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Sri Lanka's Policy Challenges within the International Dimension

“This event signifying revival of the electoral process is not to be looked upon as a single or isolated initiative. It falls into place as the beginning of a process, the trajectory of which has been defined with clear time frames. The next step is the elevation of the democratic process to a higher tier with the holding of Provincial Council elections in the entirety of the Eastern Province. Nominations are to be received next week, and the elections will be held on the 10th of May.”

by Prof. G. L. Peiris

(March 30, London, Sri Lanka Guardian) Straddling the whole spectrum of Sri Lanka's policy in respect of its economy is a sharp change of focus from receipt of aid to relationships involving trade and investment. Sri Lanka's economy grew last year by approximately 6.5%. One of the most significant growth areas was the export sector. The improvement with regard to export performance in 2007, as compared with 2006, was about 14.%. While this was the case across the board, there were some specific industries which fared even better. Among these were apparel, electronics, rubber, wood products and gems and jewellery.

We have every reason to be proud of the performance of some Sri Lankan companies. Last year the award for the company which earned for the country the largest volume of foreign exchange from exports went to Loadstar. It is a matter of deep satisfaction to us that this company commands today more than 20% not of the regional market but of the global market in a particular type of heavy tyres. This is a remarkable example of the degree of success which can be achieved by imaginative techniques of value addition. This company, with an active Belgium partner, has been using high quality Sri Lankan latex and infusing advanced technology in order to turn out a product, the quality of which has resulted in an extensive demand in sophisticated markets in five Continents.

An equally impressive example of a company in the gem and jewellery sector is Blue Diamonds. This company has been importing diamonds from Antwerp and other sources, polishing, refining and cutting the stones in Sri Lanka, and exporting the value added product to international markets. Apart from the training and employment opportunities which this has afforded to a large number of Sri Lankan youth, the success of the company is indicated by the term 'Colombo Cut' which has now entered the vocabulary of the trade in many countries.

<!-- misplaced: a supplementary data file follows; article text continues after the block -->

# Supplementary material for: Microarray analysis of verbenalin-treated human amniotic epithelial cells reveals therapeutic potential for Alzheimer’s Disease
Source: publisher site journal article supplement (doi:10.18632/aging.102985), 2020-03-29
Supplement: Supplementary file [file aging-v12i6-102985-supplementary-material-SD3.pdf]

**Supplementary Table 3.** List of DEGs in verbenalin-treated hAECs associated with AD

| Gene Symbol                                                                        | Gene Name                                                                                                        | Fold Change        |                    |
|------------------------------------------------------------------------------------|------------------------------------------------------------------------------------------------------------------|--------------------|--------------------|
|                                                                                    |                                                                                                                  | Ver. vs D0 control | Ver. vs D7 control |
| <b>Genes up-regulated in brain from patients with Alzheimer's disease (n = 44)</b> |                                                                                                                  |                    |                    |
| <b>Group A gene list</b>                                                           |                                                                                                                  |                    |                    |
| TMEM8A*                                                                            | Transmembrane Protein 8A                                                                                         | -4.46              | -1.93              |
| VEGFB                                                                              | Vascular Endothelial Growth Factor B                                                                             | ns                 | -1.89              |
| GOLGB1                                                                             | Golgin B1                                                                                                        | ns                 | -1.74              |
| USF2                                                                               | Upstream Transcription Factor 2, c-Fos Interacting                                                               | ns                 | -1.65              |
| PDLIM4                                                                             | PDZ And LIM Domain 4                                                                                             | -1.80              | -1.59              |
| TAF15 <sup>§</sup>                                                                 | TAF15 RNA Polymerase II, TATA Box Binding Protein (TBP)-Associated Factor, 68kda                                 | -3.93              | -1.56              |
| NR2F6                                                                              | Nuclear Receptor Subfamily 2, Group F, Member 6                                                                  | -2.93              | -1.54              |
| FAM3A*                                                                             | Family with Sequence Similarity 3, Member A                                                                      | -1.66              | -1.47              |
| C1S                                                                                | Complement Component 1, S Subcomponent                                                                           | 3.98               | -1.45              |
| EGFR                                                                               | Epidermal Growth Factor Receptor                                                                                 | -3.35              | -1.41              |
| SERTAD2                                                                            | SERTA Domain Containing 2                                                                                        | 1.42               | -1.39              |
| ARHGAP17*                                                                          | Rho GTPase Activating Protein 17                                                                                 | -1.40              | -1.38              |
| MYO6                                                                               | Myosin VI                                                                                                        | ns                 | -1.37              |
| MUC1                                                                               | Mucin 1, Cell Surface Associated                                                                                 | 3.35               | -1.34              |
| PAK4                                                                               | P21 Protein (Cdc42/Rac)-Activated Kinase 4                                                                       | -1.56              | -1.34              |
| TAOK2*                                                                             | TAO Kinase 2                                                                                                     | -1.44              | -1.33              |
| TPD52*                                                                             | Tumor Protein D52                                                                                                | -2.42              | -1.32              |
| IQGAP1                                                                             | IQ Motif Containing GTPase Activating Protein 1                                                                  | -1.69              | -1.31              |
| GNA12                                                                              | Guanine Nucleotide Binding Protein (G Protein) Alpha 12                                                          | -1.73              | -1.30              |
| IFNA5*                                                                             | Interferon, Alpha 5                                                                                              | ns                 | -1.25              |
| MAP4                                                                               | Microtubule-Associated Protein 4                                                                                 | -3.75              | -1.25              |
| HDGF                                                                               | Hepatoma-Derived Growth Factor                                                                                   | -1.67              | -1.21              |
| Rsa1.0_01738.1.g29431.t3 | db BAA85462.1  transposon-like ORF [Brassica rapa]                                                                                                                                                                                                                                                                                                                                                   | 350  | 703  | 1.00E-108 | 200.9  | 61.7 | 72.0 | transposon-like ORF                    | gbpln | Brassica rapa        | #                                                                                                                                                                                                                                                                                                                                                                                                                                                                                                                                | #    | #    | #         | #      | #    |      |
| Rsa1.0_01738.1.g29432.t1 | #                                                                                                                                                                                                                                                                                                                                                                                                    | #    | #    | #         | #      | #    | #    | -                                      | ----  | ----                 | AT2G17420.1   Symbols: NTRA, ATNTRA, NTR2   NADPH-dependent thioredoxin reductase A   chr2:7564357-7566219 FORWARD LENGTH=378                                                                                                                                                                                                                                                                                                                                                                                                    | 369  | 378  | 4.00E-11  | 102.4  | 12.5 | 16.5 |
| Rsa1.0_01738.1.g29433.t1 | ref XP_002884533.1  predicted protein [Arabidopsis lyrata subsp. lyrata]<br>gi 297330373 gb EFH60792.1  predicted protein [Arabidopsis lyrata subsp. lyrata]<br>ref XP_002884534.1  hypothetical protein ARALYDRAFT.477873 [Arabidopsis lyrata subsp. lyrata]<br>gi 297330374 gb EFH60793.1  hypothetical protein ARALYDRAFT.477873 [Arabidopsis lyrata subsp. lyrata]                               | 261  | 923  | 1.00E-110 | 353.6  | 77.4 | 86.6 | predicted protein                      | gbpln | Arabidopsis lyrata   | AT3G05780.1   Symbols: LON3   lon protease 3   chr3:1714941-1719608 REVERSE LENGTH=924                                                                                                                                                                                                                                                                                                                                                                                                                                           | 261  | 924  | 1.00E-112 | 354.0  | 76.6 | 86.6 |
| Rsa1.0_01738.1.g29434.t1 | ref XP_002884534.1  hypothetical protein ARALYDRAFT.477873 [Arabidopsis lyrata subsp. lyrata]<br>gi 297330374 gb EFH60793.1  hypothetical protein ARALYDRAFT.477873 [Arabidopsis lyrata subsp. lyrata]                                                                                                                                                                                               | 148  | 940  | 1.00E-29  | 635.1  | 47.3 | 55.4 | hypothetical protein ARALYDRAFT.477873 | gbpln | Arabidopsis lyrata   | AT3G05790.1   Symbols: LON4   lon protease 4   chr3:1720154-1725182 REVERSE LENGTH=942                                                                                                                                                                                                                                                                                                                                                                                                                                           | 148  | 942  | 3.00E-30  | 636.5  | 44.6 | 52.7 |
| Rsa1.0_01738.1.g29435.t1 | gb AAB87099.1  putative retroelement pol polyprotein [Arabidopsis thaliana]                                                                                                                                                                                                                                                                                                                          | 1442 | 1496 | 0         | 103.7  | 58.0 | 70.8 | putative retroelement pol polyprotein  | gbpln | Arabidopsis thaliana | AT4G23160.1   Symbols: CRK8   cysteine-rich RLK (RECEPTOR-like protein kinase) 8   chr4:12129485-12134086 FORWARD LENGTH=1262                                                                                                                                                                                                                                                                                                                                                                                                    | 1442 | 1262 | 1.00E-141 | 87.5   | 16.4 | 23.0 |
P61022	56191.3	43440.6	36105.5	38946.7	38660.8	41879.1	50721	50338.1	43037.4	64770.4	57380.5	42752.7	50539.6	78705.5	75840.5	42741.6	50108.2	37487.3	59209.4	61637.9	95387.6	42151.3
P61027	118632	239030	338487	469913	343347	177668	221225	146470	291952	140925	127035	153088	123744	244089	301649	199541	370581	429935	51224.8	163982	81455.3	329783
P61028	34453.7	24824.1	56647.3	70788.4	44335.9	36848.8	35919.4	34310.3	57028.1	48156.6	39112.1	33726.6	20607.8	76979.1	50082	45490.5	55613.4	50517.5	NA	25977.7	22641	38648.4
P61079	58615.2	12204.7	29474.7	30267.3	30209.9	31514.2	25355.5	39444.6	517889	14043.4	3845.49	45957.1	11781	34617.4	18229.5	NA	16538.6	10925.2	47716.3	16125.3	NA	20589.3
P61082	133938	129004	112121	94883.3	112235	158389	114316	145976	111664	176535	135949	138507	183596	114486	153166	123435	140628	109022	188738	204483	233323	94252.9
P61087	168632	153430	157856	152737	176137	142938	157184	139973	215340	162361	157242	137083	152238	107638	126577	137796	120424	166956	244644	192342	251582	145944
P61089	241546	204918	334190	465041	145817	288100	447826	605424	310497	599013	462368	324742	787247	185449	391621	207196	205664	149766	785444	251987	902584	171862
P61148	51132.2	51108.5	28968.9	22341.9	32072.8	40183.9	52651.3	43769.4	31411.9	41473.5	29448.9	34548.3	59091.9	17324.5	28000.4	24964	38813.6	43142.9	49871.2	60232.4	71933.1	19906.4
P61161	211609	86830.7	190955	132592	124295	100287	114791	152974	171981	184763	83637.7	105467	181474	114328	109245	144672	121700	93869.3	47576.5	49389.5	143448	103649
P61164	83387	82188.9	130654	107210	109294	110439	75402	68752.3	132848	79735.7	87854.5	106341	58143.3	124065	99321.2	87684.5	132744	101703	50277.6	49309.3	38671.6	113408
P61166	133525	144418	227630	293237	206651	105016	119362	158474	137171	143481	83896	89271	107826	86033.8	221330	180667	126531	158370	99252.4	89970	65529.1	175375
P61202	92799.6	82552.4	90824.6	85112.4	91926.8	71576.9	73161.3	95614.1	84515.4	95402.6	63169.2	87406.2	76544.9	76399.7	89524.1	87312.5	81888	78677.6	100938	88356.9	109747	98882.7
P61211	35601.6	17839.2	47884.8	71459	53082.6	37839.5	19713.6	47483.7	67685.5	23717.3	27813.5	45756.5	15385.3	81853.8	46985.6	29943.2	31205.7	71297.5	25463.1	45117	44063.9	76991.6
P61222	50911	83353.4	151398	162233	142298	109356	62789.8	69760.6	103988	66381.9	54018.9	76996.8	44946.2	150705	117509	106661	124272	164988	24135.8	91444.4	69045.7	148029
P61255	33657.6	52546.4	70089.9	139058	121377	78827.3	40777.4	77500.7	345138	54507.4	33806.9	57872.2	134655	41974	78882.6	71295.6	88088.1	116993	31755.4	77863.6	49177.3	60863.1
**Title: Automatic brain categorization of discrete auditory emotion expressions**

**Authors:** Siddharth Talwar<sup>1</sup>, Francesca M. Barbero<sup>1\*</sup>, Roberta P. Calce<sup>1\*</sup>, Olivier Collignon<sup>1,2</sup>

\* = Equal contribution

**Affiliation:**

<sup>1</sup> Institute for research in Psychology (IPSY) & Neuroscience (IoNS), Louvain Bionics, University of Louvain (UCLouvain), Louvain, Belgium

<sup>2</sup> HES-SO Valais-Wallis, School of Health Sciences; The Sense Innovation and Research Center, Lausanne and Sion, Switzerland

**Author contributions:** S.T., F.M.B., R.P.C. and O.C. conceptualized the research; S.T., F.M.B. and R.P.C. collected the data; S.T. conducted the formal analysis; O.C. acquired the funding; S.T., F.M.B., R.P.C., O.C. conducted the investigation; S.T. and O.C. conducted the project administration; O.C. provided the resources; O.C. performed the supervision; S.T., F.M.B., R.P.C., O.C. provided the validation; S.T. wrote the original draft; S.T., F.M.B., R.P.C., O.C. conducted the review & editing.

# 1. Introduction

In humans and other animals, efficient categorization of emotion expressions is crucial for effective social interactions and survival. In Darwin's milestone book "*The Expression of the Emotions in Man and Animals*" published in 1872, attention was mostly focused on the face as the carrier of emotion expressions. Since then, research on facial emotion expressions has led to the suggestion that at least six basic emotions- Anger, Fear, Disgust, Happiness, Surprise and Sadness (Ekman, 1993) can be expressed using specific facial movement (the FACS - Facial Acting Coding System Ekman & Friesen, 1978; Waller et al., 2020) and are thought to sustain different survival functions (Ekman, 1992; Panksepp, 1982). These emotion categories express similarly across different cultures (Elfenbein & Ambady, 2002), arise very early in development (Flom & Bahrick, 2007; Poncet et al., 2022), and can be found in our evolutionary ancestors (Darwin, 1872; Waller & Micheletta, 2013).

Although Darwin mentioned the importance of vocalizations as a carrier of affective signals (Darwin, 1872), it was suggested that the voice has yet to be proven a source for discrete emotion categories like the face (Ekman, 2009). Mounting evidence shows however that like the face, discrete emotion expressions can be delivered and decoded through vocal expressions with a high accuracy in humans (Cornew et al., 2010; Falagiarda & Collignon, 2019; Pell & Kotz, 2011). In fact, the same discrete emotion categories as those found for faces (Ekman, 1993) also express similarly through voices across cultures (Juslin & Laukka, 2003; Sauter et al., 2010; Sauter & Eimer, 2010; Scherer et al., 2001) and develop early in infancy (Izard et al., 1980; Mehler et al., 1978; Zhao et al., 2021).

Outstanding success

The outstanding success story is, of course, the apparel sector. Thirty years ago no one imagined that Sri Lanka would achieve the status of an undisputed global leader in this field. With the termination of the Multi-Fibre Agreement and the end of the quota protection regime which this signified, many people believed that the garment industry in Sri Lanka, far from prospering, would not be able to survive at all.

What in fact happened, as the world sees today, is fundamentally different. This was due in large measure to the vision and sagacity of the leading companies in this field. They realized that the future lies not in the production of conveyor belt items, in respect of which our country could not realistically compete with far larger countries, but in a sustained emphasis on value added products which are intended for niche markets. It is through the pursuit of this phenomenally successful policy that Sri Lankan companies have been able in recent years to market their products to the world's leading buyers which are readily identifiable as household names - for example Victoria's Secret, Speedo and Ann Taylor in the United States and Marks & Spencer, TESCO and NEXT in the United Kingdom.

It is undeniable that a very powerful impetus has been provided for the growth of many of our industries, including the apparel sector, by the GSP+ arrangement, the benefit of which Sri Lanka enjoys today with the European Union. The effect of this arrangement is to provide, for 7200 categories of products from Sri Lanka, duty free access into the markets of the European Union. This arrangement came into being in 2005.

It is important to reflect at this time on the reasons why this concession was extended to Sri Lanka in the first instance. It must be remembered that Sri Lanka is the only country in Asia to enjoy this privilege. Its conferment on our country was principally due to the exemplary conditions which prevail in our garment factories. There was total compliance with labour standards. It is to Sri Lanka's credit that we never had sweat shops; and child labour, prison labour or forced labour of any kind was never used in our garment factories.